Social Media and Value Conflicts: An Explorative Study of the Dutch Police

Date01 January 2019
Published date01 January 2019
82 Public Administration Review Januar y | Fe brua ry 201 9
Public Administration Review,
Vol. 79, Iss. 1, pp. 82–92. © 2018 by
The American Society for Public Administration.
DOI: 10.1111/puar.12914.
Social Media and Value Conflicts:
An Explorative Study of the Dutch Police
Abstract: The use of social media produces new value conflicts in public governance. The police force is a public
organization directly confronted with these changes. However, there is no systematic understanding of these conflicts
in daily police practice or of the coping strategies used. This article presents an explorative understanding of the value
conflicts and coping strategies within the police force by combining the literature on social media use in the public
sector and the literature on value conflicts and by conducting a case study within the Dutch police. The empirical
findings show, first, a growing emphasis on conflicts related to the values that are strongly embedded in social media
use—specifically, conflicts between efficiency and participation and between transparency and lawfulness. Second,
although dynamic coping strategies were expected, the research reveals that the police often use a conservative coping
strategy to deal with these rapid changes.
Evidence for Practice
Reevaluate police priorities: more resources are needed for the digital street.
Recognize that new police guidelines are needed to maintain law and order on the digital street, with explicit
attention paid to the way the norms on the digital and physical streets differ.
Constantly monitor the legal rules governing the use of social media, keeping an eye on the continuously
changing context.
Professionalize police use of social media and create team accounts instead of personal accounts. Carefully
manage the expectations of citizens when using social media.
Acknowledge that the police no longer control communication and, in specific cases, be more proactive in
communicating what the police know and do not know. Especially necessary in those departments involving
detectives, this will mean a change of culture.
Social media use and social networks have
the potential to dramatically change the
relationship between government and citizens
(Chew and Eysenbach 2010; de Graaf and Meijer
2013; Morozov 2013). Think, for example, of the
“Facebook revolutions” in 2009 in Iran and in 2011
in Egypt and Tunisia (Howard and Parks 2012).
While these Facebook revolutions demonstrate
that social media can empower citizens and change
politics, the London riots in 2011 seem to show
the dark side of these changing relations when
social media is used to coordinate looting (Trottier
and Fuchs 2015). The riots that were organized
through social media have shown that local public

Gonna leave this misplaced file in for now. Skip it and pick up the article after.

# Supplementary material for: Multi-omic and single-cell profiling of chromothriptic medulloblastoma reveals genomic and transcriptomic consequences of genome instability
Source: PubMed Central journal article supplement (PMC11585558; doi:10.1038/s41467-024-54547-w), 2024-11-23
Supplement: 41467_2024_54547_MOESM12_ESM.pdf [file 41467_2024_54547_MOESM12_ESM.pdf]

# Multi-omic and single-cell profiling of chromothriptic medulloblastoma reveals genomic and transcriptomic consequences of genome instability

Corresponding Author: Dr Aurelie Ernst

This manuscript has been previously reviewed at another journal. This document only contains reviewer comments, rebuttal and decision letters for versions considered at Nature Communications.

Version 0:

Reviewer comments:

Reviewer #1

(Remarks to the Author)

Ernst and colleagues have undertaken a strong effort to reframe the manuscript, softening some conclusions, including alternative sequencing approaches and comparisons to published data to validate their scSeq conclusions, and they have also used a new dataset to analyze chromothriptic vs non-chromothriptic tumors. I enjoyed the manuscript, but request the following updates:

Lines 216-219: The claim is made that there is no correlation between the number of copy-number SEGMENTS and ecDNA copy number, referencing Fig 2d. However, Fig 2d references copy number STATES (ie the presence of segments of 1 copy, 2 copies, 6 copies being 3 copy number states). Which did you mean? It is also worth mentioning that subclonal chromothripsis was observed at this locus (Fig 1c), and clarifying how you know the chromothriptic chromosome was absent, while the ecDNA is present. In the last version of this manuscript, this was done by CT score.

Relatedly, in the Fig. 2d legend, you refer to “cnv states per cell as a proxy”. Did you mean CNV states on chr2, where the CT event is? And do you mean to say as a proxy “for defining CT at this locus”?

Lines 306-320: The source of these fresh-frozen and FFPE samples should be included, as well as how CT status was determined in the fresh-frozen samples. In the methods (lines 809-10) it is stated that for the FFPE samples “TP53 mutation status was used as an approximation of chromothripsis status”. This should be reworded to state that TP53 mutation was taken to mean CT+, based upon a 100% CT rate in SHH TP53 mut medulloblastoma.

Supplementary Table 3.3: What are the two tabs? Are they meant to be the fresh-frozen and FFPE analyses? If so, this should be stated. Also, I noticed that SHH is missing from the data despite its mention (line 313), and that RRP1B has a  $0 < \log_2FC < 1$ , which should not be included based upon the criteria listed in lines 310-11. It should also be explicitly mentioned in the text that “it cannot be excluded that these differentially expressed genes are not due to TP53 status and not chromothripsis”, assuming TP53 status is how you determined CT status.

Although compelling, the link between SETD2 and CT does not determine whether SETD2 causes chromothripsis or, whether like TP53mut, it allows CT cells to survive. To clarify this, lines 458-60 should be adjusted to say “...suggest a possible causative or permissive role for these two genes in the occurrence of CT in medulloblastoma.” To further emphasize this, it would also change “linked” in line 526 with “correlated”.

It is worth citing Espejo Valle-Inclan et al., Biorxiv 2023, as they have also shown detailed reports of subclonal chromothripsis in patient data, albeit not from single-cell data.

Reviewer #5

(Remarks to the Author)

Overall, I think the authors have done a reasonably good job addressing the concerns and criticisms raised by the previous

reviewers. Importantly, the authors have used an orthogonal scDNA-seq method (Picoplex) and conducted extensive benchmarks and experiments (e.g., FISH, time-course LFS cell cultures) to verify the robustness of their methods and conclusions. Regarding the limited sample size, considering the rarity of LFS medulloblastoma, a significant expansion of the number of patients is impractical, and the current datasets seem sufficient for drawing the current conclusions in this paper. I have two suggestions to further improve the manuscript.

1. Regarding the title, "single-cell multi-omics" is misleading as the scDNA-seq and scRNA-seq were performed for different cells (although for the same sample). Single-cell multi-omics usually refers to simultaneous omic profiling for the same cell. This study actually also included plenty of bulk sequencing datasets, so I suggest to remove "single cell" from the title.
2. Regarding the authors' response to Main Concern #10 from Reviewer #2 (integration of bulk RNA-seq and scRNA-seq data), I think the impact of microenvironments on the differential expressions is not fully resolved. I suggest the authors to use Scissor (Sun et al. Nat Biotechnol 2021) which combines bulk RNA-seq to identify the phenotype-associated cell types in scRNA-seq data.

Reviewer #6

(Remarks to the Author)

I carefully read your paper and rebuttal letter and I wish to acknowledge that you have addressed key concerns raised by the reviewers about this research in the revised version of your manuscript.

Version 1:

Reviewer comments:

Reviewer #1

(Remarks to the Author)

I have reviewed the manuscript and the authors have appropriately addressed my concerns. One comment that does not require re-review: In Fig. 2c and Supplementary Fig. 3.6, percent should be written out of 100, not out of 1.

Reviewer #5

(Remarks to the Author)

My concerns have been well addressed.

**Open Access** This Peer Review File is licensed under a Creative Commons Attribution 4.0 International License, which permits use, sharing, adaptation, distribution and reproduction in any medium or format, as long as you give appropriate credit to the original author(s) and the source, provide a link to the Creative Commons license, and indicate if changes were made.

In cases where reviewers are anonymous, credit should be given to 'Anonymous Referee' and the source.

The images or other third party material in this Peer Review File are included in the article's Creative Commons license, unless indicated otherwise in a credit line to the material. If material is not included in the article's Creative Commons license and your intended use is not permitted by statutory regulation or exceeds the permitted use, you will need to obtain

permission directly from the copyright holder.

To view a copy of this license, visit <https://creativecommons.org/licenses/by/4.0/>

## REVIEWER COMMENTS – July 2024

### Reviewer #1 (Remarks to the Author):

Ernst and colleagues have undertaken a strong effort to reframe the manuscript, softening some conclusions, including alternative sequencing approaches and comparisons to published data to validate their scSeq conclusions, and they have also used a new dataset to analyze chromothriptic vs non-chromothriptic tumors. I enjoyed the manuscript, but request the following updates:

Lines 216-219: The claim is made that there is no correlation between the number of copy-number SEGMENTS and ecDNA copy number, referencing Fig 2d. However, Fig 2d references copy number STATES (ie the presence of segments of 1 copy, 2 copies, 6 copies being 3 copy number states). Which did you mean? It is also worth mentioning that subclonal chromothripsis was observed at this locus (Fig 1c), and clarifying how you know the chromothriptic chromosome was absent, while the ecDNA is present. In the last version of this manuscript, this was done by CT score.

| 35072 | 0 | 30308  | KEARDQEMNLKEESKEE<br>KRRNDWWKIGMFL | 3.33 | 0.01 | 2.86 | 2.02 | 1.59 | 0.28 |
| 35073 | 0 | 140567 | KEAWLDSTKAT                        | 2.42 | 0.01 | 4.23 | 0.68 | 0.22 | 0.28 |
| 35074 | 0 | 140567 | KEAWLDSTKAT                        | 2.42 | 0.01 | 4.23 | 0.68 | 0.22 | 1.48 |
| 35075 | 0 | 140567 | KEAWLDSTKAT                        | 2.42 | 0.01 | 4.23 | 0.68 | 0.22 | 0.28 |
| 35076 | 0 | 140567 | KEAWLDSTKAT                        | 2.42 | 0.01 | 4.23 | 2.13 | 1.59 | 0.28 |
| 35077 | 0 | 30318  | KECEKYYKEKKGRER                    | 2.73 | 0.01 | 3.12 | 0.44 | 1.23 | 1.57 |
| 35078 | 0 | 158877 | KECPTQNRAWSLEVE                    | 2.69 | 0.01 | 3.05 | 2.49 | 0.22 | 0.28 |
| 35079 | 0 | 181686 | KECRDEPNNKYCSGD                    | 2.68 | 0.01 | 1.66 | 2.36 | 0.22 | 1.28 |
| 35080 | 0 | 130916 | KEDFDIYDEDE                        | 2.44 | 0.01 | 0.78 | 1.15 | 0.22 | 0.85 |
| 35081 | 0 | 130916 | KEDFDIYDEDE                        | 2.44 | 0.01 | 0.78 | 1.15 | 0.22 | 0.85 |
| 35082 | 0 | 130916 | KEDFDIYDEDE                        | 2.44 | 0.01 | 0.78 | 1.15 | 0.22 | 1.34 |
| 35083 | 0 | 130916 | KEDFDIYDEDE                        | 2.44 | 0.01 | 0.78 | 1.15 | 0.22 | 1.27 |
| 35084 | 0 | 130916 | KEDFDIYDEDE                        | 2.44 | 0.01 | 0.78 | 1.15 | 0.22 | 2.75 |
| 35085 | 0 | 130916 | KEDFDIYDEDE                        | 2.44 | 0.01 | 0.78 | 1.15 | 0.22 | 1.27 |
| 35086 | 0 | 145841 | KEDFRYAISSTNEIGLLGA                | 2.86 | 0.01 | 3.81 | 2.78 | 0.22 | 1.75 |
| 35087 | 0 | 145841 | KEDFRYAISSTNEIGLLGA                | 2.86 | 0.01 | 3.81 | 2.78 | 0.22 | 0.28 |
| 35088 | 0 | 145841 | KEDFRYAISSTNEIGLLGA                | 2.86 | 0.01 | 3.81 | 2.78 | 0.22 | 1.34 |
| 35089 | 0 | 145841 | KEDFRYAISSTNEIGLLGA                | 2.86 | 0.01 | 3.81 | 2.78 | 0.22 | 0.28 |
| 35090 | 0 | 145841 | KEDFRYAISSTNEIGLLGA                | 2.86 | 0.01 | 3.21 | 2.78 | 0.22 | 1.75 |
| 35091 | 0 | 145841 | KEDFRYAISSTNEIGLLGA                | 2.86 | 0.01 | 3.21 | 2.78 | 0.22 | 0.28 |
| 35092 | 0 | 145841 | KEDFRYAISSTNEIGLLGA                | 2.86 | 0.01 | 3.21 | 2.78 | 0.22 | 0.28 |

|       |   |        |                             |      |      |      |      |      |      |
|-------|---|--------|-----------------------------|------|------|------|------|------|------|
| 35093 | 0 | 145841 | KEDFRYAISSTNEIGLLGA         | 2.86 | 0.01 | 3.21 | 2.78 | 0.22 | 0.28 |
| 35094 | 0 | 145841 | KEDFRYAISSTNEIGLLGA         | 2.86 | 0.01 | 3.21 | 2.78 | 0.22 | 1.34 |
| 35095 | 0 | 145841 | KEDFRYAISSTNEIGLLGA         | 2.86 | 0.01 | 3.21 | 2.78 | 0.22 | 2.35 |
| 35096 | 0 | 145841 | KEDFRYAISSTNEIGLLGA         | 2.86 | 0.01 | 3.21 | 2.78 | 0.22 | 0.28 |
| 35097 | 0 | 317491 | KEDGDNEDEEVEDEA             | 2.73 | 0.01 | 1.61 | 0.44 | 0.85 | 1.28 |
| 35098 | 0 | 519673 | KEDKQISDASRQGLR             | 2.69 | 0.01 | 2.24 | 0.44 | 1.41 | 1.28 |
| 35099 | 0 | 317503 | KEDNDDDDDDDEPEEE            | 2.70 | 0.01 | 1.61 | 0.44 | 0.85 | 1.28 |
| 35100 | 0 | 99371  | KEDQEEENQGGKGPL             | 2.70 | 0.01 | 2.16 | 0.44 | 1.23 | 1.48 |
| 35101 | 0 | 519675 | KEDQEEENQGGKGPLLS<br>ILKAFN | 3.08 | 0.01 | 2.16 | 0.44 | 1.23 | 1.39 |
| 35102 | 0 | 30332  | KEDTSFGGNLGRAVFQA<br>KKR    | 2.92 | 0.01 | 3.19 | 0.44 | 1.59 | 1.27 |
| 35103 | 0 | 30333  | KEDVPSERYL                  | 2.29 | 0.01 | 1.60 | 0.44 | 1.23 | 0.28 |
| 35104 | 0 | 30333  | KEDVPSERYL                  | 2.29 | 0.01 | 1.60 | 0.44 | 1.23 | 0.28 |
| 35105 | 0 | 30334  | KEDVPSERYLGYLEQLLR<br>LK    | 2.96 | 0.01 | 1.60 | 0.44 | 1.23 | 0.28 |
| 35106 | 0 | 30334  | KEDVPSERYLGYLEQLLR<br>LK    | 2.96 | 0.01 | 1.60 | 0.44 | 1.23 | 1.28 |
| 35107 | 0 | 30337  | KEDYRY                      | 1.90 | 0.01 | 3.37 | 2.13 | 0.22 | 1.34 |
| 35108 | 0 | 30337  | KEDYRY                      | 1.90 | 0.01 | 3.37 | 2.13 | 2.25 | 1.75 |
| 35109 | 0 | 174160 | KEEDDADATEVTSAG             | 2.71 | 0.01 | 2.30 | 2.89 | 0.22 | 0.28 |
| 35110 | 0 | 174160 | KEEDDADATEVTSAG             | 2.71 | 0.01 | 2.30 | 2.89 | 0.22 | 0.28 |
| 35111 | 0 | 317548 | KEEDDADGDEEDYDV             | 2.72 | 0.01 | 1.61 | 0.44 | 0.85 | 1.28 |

governance has insufficient understanding of the
impact social media can have (Briggs 2012). In
the Netherlands, Project X in Haren in September
2012—a birthday party turned into a mass gathering
organized over Facebook that resulted in riots
and vandalism—was possible because local public
governance did not understand the impact of social
media and did not know how it needed to respond
(CommissieHaren 2013).
This mode of communication is connected to
micro-organization, framing, and unpredictability;
facilitates large-scale action; and offers alternatives
to conventional patterns of public decision-making
and participation (Bekkers, Moody, and Edwards
2011; Korthagen and Van Meerkerk 2014). The
possibilities that social media offer the public to
massively share information have consequences for
public governance (de Graaf and Meijer 2013; ROB
2012). Social media and social networks are changing
society and thereby triggering new conflicts within
local public governance in terms of, for example,
respecting the privacy of citizens versus maintaining
law and order in society.
Conflicts between values such as the protection
of privacy of citizens and the maintenance of law
and order in society are not new, and local public
Gjalt de Graaf
Vrije Universiteit Amsterdam
Albert Meijer
Utrecht University
Gjalt de Graaf is full professor in
the Department of Political Science and
Public Administration at Vrije Universiteit
Amsterdam. He co-chairs the Permanent
EGPA Study Group on the Quality and
Integrity of Governance. His research
focuses on the management of conflicting
public values, integrity of academic
education, the influence of social media on
public governance, and whistle-blowing.
Albert Meijer is full professor in the
Department of Public Administration and
Organizational Science at Utrecht University.
He co-chairs the EGPA Permanent Study
Group on E-Government. His research
focuses on public innovation, transparency,
coproduction and e-government. He has
published on social media and policing in
several international journals.
Research Article

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